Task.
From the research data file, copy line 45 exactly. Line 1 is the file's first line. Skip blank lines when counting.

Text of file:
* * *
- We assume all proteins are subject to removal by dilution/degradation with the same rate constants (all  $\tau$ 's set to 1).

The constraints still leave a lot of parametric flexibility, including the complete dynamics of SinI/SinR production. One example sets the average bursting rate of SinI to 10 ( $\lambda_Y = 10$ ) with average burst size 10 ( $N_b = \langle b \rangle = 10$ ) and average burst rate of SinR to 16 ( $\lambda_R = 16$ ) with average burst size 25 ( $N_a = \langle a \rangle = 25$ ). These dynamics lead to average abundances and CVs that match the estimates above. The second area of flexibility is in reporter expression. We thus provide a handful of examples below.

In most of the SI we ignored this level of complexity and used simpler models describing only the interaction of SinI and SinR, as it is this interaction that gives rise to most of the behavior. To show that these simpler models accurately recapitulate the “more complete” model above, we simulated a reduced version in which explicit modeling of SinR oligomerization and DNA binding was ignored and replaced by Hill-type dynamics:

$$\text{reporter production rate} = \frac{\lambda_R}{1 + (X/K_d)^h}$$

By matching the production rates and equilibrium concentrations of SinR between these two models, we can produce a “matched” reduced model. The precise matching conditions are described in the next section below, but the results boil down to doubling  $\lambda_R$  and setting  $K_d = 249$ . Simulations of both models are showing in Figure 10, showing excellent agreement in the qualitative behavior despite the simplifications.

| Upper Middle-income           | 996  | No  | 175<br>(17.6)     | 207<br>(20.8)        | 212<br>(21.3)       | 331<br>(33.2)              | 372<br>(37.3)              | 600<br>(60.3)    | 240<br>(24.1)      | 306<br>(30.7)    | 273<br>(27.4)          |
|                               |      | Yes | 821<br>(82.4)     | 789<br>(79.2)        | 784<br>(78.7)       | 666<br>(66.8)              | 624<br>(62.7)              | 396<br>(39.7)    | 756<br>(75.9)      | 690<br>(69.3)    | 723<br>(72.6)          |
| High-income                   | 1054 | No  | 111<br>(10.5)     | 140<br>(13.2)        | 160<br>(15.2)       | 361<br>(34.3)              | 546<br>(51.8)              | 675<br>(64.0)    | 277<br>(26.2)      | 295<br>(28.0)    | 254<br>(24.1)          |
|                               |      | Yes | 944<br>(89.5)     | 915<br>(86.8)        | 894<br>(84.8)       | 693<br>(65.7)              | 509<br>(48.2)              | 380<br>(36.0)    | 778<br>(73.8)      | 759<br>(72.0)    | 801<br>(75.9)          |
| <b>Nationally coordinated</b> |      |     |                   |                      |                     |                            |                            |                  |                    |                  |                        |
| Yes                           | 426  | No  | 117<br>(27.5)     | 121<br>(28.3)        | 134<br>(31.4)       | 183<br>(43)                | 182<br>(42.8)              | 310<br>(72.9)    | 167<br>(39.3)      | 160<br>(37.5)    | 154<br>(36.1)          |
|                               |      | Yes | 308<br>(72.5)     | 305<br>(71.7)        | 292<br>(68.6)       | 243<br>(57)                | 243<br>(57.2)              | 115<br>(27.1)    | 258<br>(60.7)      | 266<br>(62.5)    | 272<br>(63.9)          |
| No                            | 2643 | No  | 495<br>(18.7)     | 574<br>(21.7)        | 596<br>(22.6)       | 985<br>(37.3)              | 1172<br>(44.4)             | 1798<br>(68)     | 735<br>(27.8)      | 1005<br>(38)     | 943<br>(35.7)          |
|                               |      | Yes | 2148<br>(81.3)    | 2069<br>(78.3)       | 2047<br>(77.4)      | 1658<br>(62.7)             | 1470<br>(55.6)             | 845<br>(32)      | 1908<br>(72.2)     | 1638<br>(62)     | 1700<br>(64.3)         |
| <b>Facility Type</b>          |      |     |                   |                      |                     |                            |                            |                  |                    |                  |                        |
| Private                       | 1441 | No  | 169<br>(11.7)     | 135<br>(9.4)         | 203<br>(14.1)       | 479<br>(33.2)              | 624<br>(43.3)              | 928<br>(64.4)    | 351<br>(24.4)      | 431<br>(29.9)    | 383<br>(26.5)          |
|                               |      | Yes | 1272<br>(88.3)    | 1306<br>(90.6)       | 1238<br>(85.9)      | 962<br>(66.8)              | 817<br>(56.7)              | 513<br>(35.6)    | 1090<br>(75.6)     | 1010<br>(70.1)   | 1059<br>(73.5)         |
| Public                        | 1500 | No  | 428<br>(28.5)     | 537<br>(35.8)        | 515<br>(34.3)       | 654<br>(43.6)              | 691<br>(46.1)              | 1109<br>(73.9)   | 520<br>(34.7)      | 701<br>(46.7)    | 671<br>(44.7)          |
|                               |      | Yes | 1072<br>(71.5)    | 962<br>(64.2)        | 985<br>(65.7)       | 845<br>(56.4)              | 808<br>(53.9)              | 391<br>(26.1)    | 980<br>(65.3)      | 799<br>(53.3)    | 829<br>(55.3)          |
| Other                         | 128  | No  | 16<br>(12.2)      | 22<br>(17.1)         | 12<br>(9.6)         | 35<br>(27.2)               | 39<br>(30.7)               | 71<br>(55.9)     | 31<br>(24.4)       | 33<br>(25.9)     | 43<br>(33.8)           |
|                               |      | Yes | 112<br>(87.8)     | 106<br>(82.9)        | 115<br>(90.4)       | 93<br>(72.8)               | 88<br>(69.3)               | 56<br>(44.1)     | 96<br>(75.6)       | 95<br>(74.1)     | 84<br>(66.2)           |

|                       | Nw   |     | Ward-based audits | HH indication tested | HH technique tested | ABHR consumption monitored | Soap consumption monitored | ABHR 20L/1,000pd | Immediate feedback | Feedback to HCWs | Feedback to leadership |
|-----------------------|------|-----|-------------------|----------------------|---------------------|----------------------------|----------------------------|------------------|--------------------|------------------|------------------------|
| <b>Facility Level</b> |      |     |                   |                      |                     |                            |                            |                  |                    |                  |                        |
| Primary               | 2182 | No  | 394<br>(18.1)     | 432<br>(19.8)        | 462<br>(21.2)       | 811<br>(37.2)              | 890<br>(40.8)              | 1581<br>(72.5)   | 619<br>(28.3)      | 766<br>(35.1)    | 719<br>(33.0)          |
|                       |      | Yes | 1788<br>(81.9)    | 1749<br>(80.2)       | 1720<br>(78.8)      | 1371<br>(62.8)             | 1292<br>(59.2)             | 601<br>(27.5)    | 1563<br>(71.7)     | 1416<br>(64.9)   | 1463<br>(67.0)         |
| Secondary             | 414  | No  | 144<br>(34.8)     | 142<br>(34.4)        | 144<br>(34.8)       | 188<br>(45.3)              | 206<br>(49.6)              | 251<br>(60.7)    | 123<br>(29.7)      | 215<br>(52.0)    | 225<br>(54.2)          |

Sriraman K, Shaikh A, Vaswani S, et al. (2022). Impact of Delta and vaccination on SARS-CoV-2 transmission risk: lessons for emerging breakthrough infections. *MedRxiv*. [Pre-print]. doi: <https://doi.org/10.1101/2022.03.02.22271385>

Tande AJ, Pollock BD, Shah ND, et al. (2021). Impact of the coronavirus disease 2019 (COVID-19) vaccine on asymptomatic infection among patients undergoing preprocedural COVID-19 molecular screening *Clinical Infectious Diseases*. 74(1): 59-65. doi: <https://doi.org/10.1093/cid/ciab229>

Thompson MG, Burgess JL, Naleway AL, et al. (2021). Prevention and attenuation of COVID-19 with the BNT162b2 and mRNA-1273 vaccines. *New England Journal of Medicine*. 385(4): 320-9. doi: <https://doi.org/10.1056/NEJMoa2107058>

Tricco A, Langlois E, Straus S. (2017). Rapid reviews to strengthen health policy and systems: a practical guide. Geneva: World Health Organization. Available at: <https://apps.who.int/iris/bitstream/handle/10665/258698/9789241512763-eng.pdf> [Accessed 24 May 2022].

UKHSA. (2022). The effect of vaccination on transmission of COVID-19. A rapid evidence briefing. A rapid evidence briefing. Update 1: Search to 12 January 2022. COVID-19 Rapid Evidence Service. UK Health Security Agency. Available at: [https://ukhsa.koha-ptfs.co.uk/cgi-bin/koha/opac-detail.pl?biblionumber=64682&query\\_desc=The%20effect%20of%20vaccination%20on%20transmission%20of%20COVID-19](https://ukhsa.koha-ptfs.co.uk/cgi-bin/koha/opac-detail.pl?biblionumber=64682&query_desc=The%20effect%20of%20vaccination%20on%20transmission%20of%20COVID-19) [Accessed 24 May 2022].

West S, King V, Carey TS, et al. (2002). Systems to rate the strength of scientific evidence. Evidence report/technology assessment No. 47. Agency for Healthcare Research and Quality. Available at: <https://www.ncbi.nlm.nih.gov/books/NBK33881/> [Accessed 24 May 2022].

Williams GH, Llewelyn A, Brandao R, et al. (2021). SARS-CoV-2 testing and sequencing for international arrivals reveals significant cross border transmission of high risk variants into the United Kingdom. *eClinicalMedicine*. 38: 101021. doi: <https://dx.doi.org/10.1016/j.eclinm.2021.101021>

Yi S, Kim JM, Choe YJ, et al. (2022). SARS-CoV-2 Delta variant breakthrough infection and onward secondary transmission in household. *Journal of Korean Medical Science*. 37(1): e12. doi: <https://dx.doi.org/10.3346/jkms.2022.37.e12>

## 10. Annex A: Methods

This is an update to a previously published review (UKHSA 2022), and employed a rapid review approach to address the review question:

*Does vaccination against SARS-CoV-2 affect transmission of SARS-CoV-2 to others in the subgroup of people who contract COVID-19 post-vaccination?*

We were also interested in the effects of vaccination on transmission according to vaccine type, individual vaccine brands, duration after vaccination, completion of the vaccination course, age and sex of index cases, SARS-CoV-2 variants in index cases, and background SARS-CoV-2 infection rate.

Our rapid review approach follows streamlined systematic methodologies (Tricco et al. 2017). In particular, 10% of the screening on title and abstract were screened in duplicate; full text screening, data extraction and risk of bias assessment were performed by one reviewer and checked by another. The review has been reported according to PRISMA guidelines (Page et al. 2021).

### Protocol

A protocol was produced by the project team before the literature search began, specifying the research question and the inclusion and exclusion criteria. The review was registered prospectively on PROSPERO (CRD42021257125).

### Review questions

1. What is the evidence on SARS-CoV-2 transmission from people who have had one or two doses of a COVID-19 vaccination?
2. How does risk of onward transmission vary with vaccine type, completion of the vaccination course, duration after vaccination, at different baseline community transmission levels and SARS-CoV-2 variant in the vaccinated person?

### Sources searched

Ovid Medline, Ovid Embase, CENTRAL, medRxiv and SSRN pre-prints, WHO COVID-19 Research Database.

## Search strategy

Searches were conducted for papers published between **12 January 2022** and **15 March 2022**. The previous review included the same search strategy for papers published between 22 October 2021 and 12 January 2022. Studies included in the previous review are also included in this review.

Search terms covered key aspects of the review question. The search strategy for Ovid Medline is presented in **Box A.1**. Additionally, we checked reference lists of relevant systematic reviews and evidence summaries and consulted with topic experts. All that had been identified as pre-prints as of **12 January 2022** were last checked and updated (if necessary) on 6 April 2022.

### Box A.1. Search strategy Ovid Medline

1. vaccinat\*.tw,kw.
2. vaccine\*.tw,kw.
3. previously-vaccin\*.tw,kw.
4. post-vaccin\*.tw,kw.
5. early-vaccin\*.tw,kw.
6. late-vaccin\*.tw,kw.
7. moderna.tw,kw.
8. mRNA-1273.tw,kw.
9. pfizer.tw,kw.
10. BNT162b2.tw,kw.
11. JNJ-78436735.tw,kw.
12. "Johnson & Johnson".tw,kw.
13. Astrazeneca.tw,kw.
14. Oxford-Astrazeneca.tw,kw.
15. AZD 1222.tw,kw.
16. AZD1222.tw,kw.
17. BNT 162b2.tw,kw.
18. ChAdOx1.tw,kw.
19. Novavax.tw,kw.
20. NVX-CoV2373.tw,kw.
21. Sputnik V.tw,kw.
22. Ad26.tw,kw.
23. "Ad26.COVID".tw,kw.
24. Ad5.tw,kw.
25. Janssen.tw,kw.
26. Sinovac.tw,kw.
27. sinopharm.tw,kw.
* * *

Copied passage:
2. How does risk of onward transmission vary with vaccine type, completion of the vaccination course, duration after vaccination, at different baseline community transmission levels and SARS-CoV-2 variant in the vaccinated person?